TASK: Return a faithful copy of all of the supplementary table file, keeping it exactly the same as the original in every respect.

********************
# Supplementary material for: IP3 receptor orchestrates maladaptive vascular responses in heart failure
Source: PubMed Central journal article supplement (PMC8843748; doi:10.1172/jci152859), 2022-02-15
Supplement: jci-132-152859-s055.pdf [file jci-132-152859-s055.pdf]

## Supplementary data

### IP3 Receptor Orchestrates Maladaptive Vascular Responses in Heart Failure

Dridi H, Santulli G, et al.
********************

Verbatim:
# Supplementary material for: IP3 receptor orchestrates maladaptive vascular responses in heart failure
Source: PubMed Central journal article supplement (PMC8843748; doi:10.1172/jci152859), 2022-02-15
Supplement: jci-132-152859-s055.pdf [file jci-132-152859-s055.pdf]

## Supplementary data

### IP3 Receptor Orchestrates Maladaptive Vascular Responses in Heart Failure

Dridi H, Santulli G, et al.